As a preliminary matter, the Eleventh Circuit examined its appellate jurisdiction, and found
that the district court’s remand order was reviewable. For this discussion, see Russell, 264 F.3d at
(W.D. Ark. Dec. 21, 1992) (“[T]he Court finds that the language contained in the agreement
whereby ICI agrees to submit to ‘any Court of competent jurisdiction within the United States’ is
unambiguous and, constitutes a waiver of ICI’s right to remove.”).
Defendant attempts to distinguish Russell and its antecedent cases, stating that the Service
of Suit clause in Russell did not include the limiting language found in Section J of the plaintiff’s
policy, which states, “Nothing in this clause constitutes or should be understood to constitute a
waiver of the insurer’s right to remove an action to a United States District Court.”3 Defendant
states that the Service of Suit Endorsement did not expressly replace this language of Section J.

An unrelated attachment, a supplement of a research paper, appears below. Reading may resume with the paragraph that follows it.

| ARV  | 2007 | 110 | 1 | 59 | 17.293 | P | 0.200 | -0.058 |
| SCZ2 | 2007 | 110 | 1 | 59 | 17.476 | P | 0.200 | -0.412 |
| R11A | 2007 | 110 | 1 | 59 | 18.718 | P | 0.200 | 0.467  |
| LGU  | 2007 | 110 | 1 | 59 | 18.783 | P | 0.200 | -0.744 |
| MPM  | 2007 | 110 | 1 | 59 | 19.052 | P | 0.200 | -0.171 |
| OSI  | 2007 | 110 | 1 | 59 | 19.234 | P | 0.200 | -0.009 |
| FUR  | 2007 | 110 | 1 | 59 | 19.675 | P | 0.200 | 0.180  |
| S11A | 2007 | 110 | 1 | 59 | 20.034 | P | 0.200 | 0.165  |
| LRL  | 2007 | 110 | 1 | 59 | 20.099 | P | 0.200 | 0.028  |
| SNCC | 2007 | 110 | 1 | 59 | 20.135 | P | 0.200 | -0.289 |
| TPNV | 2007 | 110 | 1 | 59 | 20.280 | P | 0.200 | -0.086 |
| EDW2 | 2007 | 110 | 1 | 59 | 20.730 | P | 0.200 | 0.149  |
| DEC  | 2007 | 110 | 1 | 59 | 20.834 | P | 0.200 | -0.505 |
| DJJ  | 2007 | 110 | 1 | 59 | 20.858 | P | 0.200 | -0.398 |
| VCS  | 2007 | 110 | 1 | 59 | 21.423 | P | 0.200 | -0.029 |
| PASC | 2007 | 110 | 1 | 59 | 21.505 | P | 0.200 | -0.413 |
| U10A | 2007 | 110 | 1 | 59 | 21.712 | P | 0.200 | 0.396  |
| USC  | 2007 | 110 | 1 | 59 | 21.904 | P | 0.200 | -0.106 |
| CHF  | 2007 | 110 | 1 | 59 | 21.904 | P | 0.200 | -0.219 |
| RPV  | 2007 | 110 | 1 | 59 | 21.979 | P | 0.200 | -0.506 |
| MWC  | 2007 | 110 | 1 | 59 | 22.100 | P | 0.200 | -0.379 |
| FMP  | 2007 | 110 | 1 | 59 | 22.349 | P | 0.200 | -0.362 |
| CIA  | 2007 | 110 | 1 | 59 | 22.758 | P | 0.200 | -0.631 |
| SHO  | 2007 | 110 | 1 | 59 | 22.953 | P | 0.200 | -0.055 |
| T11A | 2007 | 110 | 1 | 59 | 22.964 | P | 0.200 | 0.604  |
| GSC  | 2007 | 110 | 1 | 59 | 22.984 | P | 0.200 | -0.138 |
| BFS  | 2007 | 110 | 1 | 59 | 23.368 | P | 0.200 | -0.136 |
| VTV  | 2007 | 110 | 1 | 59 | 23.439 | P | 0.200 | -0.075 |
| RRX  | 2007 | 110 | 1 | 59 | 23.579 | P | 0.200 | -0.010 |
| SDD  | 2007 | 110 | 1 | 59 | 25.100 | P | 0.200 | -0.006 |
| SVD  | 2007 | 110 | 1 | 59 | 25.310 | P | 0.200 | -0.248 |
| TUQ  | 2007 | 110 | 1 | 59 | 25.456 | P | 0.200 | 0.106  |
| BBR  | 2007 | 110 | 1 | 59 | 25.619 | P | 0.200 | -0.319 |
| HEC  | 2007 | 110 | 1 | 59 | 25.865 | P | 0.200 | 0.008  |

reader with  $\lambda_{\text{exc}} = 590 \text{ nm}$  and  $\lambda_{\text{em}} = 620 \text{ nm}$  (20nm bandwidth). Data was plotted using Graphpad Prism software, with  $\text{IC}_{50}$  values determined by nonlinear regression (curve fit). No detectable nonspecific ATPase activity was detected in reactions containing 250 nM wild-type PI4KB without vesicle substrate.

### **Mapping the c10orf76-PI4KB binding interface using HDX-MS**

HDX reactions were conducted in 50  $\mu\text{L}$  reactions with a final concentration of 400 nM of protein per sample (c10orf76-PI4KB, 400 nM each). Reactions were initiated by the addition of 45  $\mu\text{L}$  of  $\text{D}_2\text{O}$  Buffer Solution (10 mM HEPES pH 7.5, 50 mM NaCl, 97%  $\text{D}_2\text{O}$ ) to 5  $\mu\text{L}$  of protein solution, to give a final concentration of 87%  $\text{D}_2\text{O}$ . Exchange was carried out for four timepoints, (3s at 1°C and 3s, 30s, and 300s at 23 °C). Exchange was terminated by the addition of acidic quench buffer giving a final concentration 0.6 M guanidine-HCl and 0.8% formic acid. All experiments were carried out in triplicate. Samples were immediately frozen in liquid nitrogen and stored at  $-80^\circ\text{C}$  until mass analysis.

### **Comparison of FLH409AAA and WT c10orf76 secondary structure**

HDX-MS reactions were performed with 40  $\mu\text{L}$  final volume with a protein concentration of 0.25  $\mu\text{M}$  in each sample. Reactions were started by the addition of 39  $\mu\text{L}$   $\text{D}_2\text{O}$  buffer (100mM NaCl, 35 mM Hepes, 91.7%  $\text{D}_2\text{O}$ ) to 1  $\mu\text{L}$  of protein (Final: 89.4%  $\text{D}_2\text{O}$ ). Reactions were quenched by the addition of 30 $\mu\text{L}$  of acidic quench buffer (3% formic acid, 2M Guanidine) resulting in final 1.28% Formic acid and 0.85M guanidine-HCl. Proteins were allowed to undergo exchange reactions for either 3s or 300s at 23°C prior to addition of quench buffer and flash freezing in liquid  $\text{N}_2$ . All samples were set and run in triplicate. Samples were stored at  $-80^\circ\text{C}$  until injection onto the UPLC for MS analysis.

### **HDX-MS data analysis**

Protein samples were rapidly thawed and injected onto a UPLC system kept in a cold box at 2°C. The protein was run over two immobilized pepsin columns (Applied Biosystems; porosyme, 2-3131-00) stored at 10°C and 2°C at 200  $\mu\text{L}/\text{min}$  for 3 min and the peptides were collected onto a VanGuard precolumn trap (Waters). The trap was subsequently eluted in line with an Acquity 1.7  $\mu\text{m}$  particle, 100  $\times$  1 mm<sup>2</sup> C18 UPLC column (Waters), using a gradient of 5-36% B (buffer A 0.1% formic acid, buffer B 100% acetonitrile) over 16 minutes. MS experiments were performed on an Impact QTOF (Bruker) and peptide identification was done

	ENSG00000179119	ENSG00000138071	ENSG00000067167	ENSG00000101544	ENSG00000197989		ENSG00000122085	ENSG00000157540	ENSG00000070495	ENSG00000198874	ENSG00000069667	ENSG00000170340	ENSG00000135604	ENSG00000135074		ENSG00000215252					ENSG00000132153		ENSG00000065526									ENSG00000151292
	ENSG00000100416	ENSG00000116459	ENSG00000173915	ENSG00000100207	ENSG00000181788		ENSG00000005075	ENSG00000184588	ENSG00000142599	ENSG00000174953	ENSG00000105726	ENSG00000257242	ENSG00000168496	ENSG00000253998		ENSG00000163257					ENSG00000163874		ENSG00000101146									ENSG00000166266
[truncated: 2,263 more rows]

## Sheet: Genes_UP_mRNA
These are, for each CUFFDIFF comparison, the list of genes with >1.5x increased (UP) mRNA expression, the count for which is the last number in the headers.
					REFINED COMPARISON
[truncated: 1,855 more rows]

(Def. Opp’n at 4). Without citing any case law or other support, defendant argues that the Service
of Suit Endorsement does not expressly state that it substitutes for the Jurisdiction and Venue clause
of subsection J, and therefore it does not waive any rights under the policy.
The Court finds defendant’s argument meritless. In plaintiff’s policy, the service of suit
endorsement expressly and conspicuously states that it changes the policy.
ENDORSEMENT CHANGES THE POLICY, PLEASE READ IT CAREFULLY.” Petition,
Ex. A at 37 (emphasis in original). Under Missouri law, if the language of the endorsement and the
general provisions of the policy conflict, the endorsement will prevail, and the policy remains in
effect as altered by the endorsement. See Abco Tank & Mfg. Co. v. Federal Ins. Co., 550 S.W.2d
193, 198 (Mo. 1977) (citing Linenschmidt v. Continental Cas. Co., 204 S.W.2d 295, 300 (Mo.